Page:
How black holes stop star formation in galaxies

Credit: NASA.

New observations from the James Webb Space Telescope (JWST) reveal that black holes play a major role in stopping star formation in massive galaxies.

This groundbreaking research, published in the journal Nature, shows that black holes can effectively “turn off” a galaxy’s ability to create new stars by forcefully ejecting large amounts of gas.

An international research team found that these galactic winds are predominantly composed of neutral gas, which was almost invisible in earlier studies due to technological limitations.

This discovery marks the first direct evidence that supermassive black holes can actively shut down entire galaxies.

Previously, astronomers could only detect ionized gas, which is warm. The JWST’s advanced capabilities now allow for the detection of cold, neutral gas as well, providing a fuller picture of the processes at work.

Dr. Rebecca Davies from Swinburne University of Technology in Australia led the research team that observed this phenomenon in a distant, massive galaxy with a significantly low star formation rate. They noticed that the galaxy’s black hole was expelling gas at a rate much faster than the galaxy could use it to form stars.

This process, known as “quenching,” is crucial because it signifies a galaxy’s shift from being vibrant and star-forming to becoming dormant and unchanging. Although scientists know quenching is a key part of a galaxy’s life cycle, they are still trying to fully understand why and how galaxies stop forming stars.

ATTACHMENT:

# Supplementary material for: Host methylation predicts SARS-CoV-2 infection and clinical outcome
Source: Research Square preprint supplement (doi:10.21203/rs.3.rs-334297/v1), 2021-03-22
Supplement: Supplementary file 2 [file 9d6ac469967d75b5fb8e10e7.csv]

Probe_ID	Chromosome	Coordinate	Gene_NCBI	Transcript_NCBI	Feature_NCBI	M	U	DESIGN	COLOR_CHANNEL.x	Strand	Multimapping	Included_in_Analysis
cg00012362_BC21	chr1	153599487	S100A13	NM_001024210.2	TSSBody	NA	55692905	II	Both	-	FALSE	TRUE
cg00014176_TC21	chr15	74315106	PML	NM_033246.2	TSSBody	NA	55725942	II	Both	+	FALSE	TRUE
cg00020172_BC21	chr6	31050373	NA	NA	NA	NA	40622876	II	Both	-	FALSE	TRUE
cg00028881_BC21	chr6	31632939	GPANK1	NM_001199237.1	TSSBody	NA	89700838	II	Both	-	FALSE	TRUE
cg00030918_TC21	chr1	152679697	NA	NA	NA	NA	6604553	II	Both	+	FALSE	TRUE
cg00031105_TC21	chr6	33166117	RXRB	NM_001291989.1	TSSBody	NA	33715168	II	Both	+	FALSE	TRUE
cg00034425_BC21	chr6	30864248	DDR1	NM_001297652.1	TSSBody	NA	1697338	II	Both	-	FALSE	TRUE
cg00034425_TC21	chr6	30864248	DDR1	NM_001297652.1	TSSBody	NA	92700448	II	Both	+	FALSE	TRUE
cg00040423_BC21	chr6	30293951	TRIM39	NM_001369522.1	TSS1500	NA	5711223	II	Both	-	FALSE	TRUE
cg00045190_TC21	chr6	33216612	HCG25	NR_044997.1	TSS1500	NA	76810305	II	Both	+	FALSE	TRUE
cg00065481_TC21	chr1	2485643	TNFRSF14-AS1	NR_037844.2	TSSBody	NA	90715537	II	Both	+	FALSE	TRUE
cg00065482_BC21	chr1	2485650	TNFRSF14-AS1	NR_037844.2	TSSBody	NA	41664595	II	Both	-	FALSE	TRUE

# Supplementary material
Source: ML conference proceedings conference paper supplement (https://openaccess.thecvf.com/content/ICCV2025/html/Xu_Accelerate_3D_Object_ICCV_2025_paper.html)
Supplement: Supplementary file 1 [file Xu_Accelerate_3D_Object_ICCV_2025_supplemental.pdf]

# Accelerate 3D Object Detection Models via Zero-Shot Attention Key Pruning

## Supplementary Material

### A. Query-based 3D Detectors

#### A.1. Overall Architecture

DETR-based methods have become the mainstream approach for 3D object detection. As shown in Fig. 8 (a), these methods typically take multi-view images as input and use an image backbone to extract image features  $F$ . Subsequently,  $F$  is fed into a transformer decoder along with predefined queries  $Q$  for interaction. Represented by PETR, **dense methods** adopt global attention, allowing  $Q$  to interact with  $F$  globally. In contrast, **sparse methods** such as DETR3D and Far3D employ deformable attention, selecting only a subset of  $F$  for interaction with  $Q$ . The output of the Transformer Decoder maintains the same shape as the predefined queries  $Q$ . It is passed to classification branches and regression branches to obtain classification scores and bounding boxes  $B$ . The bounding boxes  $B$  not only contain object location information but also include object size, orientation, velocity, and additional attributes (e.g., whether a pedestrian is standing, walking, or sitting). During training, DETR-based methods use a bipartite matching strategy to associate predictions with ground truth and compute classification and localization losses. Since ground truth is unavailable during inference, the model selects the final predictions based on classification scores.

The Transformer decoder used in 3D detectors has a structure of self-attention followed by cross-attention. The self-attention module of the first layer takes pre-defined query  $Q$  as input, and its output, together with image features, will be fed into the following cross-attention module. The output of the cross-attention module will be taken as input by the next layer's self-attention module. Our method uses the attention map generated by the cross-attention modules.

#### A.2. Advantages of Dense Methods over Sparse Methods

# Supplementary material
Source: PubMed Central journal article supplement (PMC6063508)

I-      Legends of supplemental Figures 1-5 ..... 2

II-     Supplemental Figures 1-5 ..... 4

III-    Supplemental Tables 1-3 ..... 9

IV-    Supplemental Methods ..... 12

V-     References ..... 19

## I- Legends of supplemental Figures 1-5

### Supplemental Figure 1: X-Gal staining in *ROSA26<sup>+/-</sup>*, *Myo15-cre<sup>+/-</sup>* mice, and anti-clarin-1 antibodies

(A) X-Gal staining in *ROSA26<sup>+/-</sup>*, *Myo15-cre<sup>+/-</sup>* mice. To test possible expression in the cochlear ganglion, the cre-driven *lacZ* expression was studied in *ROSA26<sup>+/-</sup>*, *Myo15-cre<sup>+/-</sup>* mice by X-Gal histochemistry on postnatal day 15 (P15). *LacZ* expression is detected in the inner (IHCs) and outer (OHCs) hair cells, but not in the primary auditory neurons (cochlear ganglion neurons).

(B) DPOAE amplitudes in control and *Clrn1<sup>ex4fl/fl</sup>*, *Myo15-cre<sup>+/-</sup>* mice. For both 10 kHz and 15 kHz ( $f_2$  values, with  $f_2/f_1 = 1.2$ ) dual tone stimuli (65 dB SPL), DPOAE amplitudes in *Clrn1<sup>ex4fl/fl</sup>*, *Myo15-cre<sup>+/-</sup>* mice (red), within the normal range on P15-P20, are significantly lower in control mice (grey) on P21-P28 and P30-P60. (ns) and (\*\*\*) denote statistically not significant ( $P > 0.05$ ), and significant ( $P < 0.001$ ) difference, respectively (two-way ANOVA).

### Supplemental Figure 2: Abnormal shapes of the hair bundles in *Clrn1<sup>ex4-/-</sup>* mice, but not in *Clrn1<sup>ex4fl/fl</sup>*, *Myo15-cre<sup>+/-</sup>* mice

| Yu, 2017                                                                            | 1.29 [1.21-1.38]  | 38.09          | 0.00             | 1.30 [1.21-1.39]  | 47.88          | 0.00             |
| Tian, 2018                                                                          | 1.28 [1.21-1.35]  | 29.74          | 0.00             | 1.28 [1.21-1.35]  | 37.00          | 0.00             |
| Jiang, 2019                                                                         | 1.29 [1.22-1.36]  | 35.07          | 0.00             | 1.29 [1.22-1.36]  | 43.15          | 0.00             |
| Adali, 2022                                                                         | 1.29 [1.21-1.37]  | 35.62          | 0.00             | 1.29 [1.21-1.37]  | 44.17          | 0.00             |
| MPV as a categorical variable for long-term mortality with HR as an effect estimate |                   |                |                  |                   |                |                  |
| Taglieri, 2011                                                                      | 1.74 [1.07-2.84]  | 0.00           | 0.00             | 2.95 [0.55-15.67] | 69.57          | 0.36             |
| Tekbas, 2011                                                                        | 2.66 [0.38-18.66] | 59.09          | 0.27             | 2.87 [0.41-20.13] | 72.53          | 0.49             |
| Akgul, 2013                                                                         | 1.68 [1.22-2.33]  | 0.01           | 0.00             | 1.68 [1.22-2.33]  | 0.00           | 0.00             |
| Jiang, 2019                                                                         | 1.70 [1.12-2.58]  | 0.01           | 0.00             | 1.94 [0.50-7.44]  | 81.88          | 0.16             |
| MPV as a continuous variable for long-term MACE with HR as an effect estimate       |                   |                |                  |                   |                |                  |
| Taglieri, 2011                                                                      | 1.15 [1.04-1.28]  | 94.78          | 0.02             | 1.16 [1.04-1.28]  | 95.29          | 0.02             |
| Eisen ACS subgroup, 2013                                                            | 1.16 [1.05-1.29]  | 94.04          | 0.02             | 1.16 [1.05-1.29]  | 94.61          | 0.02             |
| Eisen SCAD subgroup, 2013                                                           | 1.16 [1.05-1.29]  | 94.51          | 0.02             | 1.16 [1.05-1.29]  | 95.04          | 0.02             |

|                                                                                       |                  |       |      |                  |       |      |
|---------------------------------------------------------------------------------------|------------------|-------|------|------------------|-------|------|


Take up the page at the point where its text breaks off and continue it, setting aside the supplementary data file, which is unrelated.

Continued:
The team focused on a galaxy so far away that its light took more than 10 billion years to reach Earth. This distant galaxy’s active galactic nucleus (AGN)—a supermassive black hole devouring large amounts of gas—was found to drive massive outflows of gas.

The JWST’s observations showed that the rate of outflow in the neutral gas was about 100 times larger than in the ionized gas. This indicates a vast amount of previously unseen mass being expelled from the galaxy.

Dr. Davies highlighted the significance of the JWST in these findings, stating that previous methods only detected about 1% of the outflowing mass, likening earlier observations to “scraping the tip of the iceberg.”

The research team is eager to continue using the JWST to study more galaxies, hoping to uncover further insights into the dynamic processes that lead galaxies to cease star formation.

This new data from the JWST not only provides deeper understanding of galactic dynamics but also showcases the telescope’s potential to revolutionize our knowledge of the universe.